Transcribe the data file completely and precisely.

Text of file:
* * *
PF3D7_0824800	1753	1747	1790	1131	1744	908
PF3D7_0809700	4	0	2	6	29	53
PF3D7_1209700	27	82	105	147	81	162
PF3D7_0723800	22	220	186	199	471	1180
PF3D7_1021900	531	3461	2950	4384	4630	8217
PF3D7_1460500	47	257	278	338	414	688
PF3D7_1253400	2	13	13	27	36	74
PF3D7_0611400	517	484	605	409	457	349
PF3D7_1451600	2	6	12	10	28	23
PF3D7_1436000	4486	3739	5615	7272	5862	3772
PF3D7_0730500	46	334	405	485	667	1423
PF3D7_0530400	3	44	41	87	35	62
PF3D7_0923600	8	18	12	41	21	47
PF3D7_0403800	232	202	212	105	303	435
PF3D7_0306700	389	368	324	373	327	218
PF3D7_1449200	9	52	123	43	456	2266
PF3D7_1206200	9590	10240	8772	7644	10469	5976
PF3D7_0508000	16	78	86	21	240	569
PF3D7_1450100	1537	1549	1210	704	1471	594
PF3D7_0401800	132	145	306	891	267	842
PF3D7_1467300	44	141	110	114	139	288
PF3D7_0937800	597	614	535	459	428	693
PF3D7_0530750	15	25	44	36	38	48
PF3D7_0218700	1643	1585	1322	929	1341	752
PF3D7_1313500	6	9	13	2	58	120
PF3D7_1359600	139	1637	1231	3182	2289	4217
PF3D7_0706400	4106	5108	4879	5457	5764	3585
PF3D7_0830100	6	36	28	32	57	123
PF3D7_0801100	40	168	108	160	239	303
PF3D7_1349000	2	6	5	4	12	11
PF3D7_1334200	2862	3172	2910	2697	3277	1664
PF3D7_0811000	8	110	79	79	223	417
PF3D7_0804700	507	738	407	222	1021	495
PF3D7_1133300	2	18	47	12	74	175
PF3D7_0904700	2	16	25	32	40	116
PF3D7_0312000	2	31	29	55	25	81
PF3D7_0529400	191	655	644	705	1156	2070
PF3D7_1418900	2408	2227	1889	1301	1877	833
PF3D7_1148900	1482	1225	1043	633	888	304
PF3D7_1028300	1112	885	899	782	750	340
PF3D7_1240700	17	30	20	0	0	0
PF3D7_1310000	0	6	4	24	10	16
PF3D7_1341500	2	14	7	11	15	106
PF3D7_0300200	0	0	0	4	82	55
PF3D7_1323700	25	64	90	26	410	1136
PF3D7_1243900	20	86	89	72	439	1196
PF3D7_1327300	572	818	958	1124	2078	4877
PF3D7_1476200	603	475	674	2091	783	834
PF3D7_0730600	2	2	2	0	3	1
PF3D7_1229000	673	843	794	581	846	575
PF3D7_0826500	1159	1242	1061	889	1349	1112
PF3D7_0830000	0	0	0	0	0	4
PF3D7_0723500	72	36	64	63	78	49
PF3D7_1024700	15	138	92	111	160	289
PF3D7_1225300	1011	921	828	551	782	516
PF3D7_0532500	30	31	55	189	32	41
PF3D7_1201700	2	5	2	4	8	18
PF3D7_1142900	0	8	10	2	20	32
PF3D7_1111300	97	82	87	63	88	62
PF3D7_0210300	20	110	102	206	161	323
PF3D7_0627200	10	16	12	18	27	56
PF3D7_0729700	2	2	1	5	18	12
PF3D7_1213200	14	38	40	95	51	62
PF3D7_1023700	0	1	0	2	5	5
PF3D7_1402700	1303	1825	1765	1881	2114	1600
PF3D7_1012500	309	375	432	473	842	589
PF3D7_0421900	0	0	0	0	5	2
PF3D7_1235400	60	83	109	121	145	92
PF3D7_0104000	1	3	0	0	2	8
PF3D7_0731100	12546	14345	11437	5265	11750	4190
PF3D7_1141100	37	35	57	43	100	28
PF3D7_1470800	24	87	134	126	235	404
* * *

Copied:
PF3D7_0824800	1753	1747	1790	1131	1744	908
PF3D7_0809700	4	0	2	6	29	53
PF3D7_1209700	27	82	105	147	81	162
PF3D7_0723800	22	220	186	199	471	1180
PF3D7_1021900	531	3461	2950	4384	4630	8217
PF3D7_1460500	47	257	278	338	414	688
PF3D7_1253400	2	13	13	27	36	74
PF3D7_0611400	517	484	605	409	457	349
PF3D7_1451600	2	6	12	10	28	23
PF3D7_1436000	4486	3739	5615	7272	5862	3772
PF3D7_0730500	46	334	405	485	667	1423
PF3D7_0530400	3	44	41	87	35	62
PF3D7_0923600	8	18	12	41	21	47
PF3D7_0403800	232	202	212	105	303	435
PF3D7_0306700	389	368	324	373	327	218
PF3D7_1449200	9	52	123	43	456	2266
PF3D7_1206200	9590	10240	8772	7644	10469	5976
PF3D7_0508000	16	78	86	21	240	569
PF3D7_1450100	1537	1549	1210	704	1471	594
PF3D7_0401800	132	145	306	891	267	842
PF3D7_1467300	44	141	110	114	139	288
PF3D7_0937800	597	614	535	459	428	693
PF3D7_0530750	15	25	44	36	38	48
PF3D7_0218700	1643	1585	1322	929	1341	752
PF3D7_1313500	6	9	13	2	58	120
PF3D7_1359600	139	1637	1231	3182	2289	4217
PF3D7_0706400	4106	5108	4879	5457	5764	3585
PF3D7_0830100	6	36	28	32	57	123
PF3D7_0801100	40	168	108	160	239	303
PF3D7_1349000	2	6	5	4	12	11
PF3D7_1334200	2862	3172	2910	2697	3277	1664
PF3D7_0811000	8	110	79	79	223	417
PF3D7_0804700	507	738	407	222	1021	495
PF3D7_1133300	2	18	47	12	74	175
PF3D7_0904700	2	16	25	32	40	116
PF3D7_0312000	2	31	29	55	25	81
PF3D7_0529400	191	655	644	705	1156	2070
PF3D7_1418900	2408	2227	1889	1301	1877	833
PF3D7_1148900	1482	1225	1043	633	888	304
PF3D7_1028300	1112	885	899	782	750	340
PF3D7_1240700	17	30	20	0	0	0
PF3D7_1310000	0	6	4	24	10	16
PF3D7_1341500	2	14	7	11	15	106
PF3D7_0300200	0	0	0	4	82	55
PF3D7_1323700	25	64	90	26	410	1136
PF3D7_1243900	20	86	89	72	439	1196
PF3D7_1327300	572	818	958	1124	2078	4877
PF3D7_1476200	603	475	674	2091	783	834
PF3D7_0730600	2	2	2	0	3	1
PF3D7_1229000	673	843	794	581	846	575
PF3D7_0826500	1159	1242	1061	889	1349	1112
PF3D7_0830000	0	0	0	0	0	4
PF3D7_0723500	72	36	64	63	78	49
PF3D7_1024700	15	138	92	111	160	289
PF3D7_1225300	1011	921	828	551	782	516
PF3D7_0532500	30	31	55	189	32	41
PF3D7_1201700	2	5	2	4	8	18
PF3D7_1142900	0	8	10	2	20	32
PF3D7_1111300	97	82	87	63	88	62
PF3D7_0210300	20	110	102	206	161	323
PF3D7_0627200	10	16	12	18	27	56
PF3D7_0729700	2	2	1	5	18	12
PF3D7_1213200	14	38	40	95	51	62
PF3D7_1023700	0	1	0	2	5	5
PF3D7_1402700	1303	1825	1765	1881	2114	1600
PF3D7_1012500	309	375	432	473	842	589
PF3D7_0421900	0	0	0	0	5	2
PF3D7_1235400	60	83	109	121	145	92
PF3D7_0104000	1	3	0	0	2	8
PF3D7_0731100	12546	14345	11437	5265	11750	4190
PF3D7_1141100	37	35	57	43	100	28
PF3D7_1470800	24	87	134	126	235	404